Fortunately there’s a straightforward fix for this distracting problem (besides switching to the less dynamic Filmmaker mode preset): Turning the Dynamic Iris down from High to Medium. Doing this doesn’t remove every flicker, and also costs you a modicum of punch and HDR ‘peaking’. The results are much more immersive though, and the slight reduction in punch is not remotely enough to stop the picture from still delivering enough of its detail, sharpness, colour and vibrancy talents to maintain its HDR edge over its competition.

Final minor issues to note are some mild rainbow effect (RGB colour striping) over stand out bright image content; some strangely mixed picture quality from the BenQ dongle’s streaming apps (Netflix looks rather messy, while Disney+ looks excellent); and potentially slightly distracting amounts of cooling fan noise when the projector’s running in its HDR mode.

Unless you’re extremely susceptible to seeing the rainbow effect, there’s nothing in the negatives column that severe enough or impossible to work round that stops it being a superb successor to an already illustrious predecessor.

Sound Quality

  • Nice, rounded tone
  • Sound isn’t locked to the projector
  • 2 x 5W output

In support of its living room projector status, the W2710i carries a built-in sound system. In fact, its 2 x 5W, Trevolo set up is one of the projector world’s better audio designs. That’s not saying a great deal given how puny most projector sound systems are, but the W2710i delivers a much more well rounded (including with dialogue), less harsh and, most usefully of all, well projected sound than most projectors do.

If you’re sat reasonably behind the projector its sound does almost appear as if it’s coming from the screen, or at least somewhere between the projector and the screen, rather than all the sound being locked in the projector and so totally divorced from the onscreen action.

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Should you buy it?

You want an affordable 4K HDR projector for a darkened living room: With its excellent HDR and SDR performance, easy set up and remarkable 4K sharpness, the W2710i is an excellent but also convenient living room (rather than dedicated movie room) solution.

You’re looking for a bright room projector: The W2710i’s image is configured for dark room use, and isn’t quite bright enough to support daytime viewing.

Final Thoughts

BenQ may have taken its own sweet time to update its popular W2700 living room home cinema projector, but the wait has been worth it. The W2710i’s Improvements to colour, sharpness and light control contribute to an outstanding viewing experience for its money. Even its sound is a cut above the projector norm, and joins an easy set up system in making the W2710i as friendly to use as it is impressive to watch.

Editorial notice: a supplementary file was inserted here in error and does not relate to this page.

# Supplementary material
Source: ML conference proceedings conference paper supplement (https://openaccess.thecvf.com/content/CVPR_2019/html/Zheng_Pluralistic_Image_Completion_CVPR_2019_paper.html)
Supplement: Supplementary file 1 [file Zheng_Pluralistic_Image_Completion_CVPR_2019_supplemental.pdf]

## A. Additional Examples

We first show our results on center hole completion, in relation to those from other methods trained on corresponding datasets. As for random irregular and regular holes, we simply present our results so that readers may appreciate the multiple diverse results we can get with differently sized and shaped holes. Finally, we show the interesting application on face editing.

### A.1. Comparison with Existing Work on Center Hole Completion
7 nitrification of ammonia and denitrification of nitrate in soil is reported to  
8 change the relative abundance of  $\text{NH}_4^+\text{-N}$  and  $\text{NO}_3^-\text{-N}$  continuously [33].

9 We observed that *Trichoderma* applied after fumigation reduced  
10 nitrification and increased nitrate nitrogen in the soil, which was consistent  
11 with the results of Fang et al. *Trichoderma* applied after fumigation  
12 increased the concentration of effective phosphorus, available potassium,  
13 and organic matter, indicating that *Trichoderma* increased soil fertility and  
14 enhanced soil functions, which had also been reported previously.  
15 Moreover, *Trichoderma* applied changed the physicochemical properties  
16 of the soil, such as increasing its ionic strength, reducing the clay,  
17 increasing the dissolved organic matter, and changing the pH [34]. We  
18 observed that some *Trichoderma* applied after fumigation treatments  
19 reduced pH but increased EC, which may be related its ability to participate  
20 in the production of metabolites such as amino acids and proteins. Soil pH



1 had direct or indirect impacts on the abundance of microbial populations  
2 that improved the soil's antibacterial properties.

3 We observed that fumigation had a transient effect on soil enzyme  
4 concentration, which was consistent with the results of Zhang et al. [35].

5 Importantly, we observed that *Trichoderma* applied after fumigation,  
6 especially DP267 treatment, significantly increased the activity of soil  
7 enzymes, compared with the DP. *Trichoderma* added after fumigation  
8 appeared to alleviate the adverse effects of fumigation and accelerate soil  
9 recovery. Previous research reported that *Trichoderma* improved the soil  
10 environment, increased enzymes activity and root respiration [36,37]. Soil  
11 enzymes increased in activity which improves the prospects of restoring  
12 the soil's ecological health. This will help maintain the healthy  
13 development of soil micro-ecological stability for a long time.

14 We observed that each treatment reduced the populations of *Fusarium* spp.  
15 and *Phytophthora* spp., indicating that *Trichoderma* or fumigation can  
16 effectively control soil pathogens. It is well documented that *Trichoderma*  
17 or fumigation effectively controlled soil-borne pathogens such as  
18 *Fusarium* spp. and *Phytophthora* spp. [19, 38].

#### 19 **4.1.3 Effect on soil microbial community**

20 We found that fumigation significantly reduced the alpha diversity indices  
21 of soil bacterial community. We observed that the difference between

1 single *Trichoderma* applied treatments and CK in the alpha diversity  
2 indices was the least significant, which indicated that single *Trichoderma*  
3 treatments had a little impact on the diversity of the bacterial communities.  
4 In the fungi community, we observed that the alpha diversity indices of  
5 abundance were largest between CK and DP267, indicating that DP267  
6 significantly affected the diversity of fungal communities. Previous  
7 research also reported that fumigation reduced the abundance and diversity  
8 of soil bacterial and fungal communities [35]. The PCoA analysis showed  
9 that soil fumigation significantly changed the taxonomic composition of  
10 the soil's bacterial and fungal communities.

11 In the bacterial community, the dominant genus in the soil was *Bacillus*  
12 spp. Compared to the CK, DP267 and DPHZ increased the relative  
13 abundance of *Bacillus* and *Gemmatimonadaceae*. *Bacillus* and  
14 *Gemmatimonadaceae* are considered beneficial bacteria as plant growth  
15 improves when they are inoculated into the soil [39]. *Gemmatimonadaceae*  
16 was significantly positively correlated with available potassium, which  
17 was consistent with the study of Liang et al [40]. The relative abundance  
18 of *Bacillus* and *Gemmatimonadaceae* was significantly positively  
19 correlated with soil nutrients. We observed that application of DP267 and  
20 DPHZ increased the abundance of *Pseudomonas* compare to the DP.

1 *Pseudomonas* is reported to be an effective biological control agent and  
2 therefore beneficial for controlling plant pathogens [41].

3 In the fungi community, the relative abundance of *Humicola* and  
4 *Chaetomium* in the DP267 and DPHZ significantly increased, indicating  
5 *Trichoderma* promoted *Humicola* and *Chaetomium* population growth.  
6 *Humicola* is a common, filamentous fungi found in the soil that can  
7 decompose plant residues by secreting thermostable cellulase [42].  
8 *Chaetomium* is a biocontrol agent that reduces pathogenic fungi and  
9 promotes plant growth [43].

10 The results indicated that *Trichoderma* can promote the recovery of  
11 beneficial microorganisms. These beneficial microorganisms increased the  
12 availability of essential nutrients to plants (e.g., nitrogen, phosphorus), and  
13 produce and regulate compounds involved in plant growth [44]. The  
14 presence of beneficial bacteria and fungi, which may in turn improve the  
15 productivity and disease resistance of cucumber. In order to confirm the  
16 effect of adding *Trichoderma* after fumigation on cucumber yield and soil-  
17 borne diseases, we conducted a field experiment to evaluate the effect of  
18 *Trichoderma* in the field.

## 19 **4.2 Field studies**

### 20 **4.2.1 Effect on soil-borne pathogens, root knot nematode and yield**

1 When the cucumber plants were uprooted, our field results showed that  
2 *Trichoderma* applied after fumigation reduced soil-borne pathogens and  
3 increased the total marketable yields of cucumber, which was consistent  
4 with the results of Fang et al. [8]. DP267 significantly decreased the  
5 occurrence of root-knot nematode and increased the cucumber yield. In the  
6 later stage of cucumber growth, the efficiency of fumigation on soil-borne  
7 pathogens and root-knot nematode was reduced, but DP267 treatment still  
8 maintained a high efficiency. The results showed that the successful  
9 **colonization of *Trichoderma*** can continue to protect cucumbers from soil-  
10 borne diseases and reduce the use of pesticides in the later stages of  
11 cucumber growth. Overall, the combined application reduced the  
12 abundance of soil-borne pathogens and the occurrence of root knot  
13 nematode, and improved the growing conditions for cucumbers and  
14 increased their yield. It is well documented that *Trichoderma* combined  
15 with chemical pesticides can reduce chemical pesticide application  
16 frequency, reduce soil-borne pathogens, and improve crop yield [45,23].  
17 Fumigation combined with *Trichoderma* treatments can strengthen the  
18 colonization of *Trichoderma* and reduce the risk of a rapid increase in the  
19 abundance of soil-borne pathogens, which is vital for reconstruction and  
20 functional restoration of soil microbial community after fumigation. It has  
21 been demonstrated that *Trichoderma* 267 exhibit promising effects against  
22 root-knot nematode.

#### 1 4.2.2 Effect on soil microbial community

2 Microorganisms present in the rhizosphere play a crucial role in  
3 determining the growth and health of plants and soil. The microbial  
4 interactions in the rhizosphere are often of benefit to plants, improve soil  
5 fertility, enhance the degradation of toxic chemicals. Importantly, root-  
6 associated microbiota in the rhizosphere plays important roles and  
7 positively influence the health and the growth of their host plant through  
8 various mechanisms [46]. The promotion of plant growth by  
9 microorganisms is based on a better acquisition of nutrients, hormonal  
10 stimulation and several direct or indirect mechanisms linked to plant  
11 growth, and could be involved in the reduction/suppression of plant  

There are better (as in, much brighter) options, perhaps, if you’re looking for a projector to use in a typically bright room. You might want to think about going for the cheaper W2710 if you have a separate streaming device to attach to it. For home cinema fans looking to take movie nights to another level without spending a fortune, the W2710i is an outstanding option.

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Tested with real world use

Tested for more than a week


How do DLP projectors work?

DLP projectors work by shining light from a lamp or laser onto an array of individually controlled tiny mirrors placed on the back of a controller chip.

What is HDR10+?

HDR10+ is a so-called ‘active’ type of HDR that adds extra scene by scene picture information to help HDR10+ displays deliver better picture quality.

What is Android TV?

This is a smart TV system designed by Google that provides an interface for video streaming and gaming apps.

Full specs

Size (Dimensions)
Release Date
Model Number
Model Variants
Projector Type
Brightness Lumens
Lamp Life
Contrast Ratio
Max Image Size
Types of HDR
Refresh Rate
Audio (Power output)
Display Technology
Projector Display Technology
Throw Ratio


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Jargon buster


The measure of the total amount of light visible from a lamp or light source

DLP (Digital Light Processing)

Stands for digital light processing. DLP projectors reflect light from a lamp or laser source off an array of tiny, individually controllable mirrors mounted on the back of a control chip